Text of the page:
I would kill for a burger right now.
That was my thought as I spoke to a cardiologist last year about his heart-healthy, vegan agenda. He was young and super earnest and made me watch a movie about how the meat industry is ruining the planet. Dubious, I decided to try to reserve judgment and give it a shot. After all, it’s trendy and hipster and maybe I could end up looking as good as Natalie Portman, one of many famous vegans. So I dug into my Portobello “steak” seasoned with nutritional yeast and sesame seeds and hoped for the best. I am impressed that I actually lasted two months when driven by weakness and despair, I drove to the nearest rib joint and threw it all away. I didn’t even lose much weight for all of that excruciating effort because, as it turns out, Oreos and potato chips are also vegan.
This experience got me thinking about what exactly vegan means when it comes to other products, like vegan leather and other vegan fabrics. What does that mean exactly? Veganism is a relatively new term referring to a lifestyle that avoids the consumption of food and clothing that use animals or contain animal products. It’s all in the interest of protecting animal rights, which, by extension, works to the greater good. This would include the use of any material that uses animal fibers or animal skin.
Vegan leather or faux leather is essentially a fake “leather” product. Bonding together a usually petroleum-based plastic coating (like PVC and polyurethane) to a fabric backing is the most common way to make faux leather, thus the term “pleather.” Believe it or not, although this product is friendly to animals, it is not so friendly to the environment, which seems counterintuitive to the ecology and ethics movements. Indeed, the types of plastic used in these coatings can vary from somewhat toxic to positively earth-scorching, which just proves that it is always wise to look beyond the hype.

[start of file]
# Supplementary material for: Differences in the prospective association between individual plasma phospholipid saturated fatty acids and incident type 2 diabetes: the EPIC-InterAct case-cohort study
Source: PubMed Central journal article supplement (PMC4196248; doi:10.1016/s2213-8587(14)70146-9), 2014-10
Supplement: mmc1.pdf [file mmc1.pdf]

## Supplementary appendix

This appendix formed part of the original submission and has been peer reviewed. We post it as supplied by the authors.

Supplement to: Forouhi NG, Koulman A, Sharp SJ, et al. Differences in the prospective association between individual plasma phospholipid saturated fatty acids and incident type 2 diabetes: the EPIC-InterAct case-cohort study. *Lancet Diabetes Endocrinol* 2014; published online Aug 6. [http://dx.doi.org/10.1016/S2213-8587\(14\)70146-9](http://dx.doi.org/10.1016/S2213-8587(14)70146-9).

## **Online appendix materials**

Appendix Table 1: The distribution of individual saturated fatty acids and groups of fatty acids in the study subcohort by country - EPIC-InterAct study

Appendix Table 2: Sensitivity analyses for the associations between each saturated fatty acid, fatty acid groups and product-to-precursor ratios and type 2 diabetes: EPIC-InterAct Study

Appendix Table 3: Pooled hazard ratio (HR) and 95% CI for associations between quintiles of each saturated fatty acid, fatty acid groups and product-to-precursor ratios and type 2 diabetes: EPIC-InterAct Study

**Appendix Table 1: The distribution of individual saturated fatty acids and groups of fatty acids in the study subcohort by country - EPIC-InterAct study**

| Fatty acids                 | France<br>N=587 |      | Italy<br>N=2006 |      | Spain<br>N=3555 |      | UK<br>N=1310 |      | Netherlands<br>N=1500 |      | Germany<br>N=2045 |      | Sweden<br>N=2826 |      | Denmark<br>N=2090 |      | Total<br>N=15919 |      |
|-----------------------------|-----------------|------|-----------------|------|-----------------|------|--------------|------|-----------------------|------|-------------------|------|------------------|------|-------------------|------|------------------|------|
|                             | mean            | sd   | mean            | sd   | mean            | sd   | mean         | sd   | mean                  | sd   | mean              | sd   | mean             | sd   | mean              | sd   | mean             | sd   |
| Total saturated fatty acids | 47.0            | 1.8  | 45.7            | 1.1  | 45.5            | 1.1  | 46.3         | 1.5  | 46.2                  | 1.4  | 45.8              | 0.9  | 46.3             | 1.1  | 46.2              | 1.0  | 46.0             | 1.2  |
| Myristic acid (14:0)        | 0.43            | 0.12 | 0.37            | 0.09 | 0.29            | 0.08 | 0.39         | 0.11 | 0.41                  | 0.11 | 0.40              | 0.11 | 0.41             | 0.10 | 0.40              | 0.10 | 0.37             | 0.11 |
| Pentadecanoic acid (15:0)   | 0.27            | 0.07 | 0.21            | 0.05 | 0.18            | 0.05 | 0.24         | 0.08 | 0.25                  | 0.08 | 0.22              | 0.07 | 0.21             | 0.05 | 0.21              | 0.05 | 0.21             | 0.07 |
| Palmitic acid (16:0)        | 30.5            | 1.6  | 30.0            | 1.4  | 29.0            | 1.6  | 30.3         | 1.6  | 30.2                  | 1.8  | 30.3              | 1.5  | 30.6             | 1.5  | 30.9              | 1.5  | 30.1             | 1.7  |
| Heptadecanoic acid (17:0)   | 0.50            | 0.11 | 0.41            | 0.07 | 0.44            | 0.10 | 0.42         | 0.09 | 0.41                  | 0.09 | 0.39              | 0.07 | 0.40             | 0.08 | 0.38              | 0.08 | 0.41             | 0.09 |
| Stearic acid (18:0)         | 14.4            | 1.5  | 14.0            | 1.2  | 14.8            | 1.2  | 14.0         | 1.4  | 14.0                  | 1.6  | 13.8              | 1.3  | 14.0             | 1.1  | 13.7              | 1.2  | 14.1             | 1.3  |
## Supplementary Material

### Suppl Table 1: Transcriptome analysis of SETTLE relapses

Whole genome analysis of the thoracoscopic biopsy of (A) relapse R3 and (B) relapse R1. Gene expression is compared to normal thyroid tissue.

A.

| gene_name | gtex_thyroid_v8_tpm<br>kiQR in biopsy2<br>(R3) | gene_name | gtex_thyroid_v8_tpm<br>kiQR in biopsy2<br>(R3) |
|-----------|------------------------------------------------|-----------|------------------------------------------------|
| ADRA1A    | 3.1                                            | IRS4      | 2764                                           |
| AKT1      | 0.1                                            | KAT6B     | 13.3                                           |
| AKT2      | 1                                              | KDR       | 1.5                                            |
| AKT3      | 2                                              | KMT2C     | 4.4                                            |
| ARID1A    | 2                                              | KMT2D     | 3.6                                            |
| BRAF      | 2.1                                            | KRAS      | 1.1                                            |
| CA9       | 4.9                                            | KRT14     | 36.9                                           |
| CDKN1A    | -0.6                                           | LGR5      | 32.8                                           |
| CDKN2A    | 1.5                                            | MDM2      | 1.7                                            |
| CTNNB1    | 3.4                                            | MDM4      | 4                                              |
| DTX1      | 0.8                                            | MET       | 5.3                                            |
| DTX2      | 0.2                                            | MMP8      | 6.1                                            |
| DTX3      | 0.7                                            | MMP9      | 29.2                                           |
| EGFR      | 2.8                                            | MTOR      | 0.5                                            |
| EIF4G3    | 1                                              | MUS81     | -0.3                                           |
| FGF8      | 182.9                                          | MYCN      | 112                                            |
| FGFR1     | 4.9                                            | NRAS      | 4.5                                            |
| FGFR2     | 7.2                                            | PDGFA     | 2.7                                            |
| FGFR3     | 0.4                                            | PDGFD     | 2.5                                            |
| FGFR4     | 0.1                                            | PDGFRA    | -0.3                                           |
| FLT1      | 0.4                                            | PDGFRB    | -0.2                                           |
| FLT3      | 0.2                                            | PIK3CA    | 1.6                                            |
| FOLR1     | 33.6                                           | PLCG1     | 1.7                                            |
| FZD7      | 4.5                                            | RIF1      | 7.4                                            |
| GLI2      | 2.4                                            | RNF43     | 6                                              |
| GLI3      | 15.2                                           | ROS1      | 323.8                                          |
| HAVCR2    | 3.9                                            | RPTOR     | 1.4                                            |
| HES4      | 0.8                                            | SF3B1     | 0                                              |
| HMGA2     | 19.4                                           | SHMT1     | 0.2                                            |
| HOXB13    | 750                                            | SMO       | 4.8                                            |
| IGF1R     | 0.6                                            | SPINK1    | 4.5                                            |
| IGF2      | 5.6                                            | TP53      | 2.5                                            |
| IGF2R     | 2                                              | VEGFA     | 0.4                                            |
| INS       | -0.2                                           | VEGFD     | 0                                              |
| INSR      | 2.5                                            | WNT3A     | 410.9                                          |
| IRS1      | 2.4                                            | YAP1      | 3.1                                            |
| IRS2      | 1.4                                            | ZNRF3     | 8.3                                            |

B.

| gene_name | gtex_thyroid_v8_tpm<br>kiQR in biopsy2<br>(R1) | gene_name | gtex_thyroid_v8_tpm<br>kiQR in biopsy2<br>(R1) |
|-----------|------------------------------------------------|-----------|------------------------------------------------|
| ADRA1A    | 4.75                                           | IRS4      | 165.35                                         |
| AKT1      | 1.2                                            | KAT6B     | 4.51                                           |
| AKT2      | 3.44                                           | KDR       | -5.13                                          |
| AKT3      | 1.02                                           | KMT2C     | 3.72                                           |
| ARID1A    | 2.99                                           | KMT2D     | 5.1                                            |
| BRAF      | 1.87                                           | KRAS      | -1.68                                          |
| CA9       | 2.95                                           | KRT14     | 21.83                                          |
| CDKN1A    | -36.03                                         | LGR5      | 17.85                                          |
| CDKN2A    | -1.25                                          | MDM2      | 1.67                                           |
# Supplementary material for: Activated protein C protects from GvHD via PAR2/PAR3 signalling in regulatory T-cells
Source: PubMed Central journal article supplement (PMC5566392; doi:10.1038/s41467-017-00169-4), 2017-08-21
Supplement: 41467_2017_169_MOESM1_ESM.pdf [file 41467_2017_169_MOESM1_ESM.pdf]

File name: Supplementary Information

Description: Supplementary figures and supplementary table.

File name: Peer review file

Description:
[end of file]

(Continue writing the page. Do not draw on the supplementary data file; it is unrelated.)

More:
Here are some truly earth-friendly, natural alternatives:
Cork leather is made from the bark of the cork tree. Cork bark can be collected without the need to kill the tree, making it an easily recyclable and sustainable resource.
Pineapple leather, known as Pinatex, is made from the fibers of pineapple leaves and PLA (a bioplastic made from renewable sources such as sugar cane, cornstarch or tapioca roots). It makes use of a natural waste product and also gives farmers an additional source of income.
Mushroom leather, known as MuSkin, is an avant-garde material from Italy made from mushrooms and is completely biodegradable.
TREE BARK LEATHER
Tree bark leather, known as Barkcloth, is similar to cork but made from sustainable timber. Its production is eco-friendly, as the bark is extracted from the trees and boiled. No chemicals are used in the process.
Better known as Glazed Canvas, waxed-cotton is a very common eco-friendly material. I swear this looks just like patent leather.
FLEXIBLE STONE LEATHER
Flexible stone leather is made from a stone that can be cut so thin, it becomes flexible and sewable. What will they think of next?
So, should you use real leather or vegan? Well one vegan interior designer (yes, it’s a thing) whose mission it is to design a cruelty-free home, claims that you don’t have to give up plush luxury. As for whether you should amend your diet, I am siding with a comic I heard recently who thought the word vegan was short for “vegetables again.” It’s a work in progress.
For more, visit janemorganinteriordesign.com.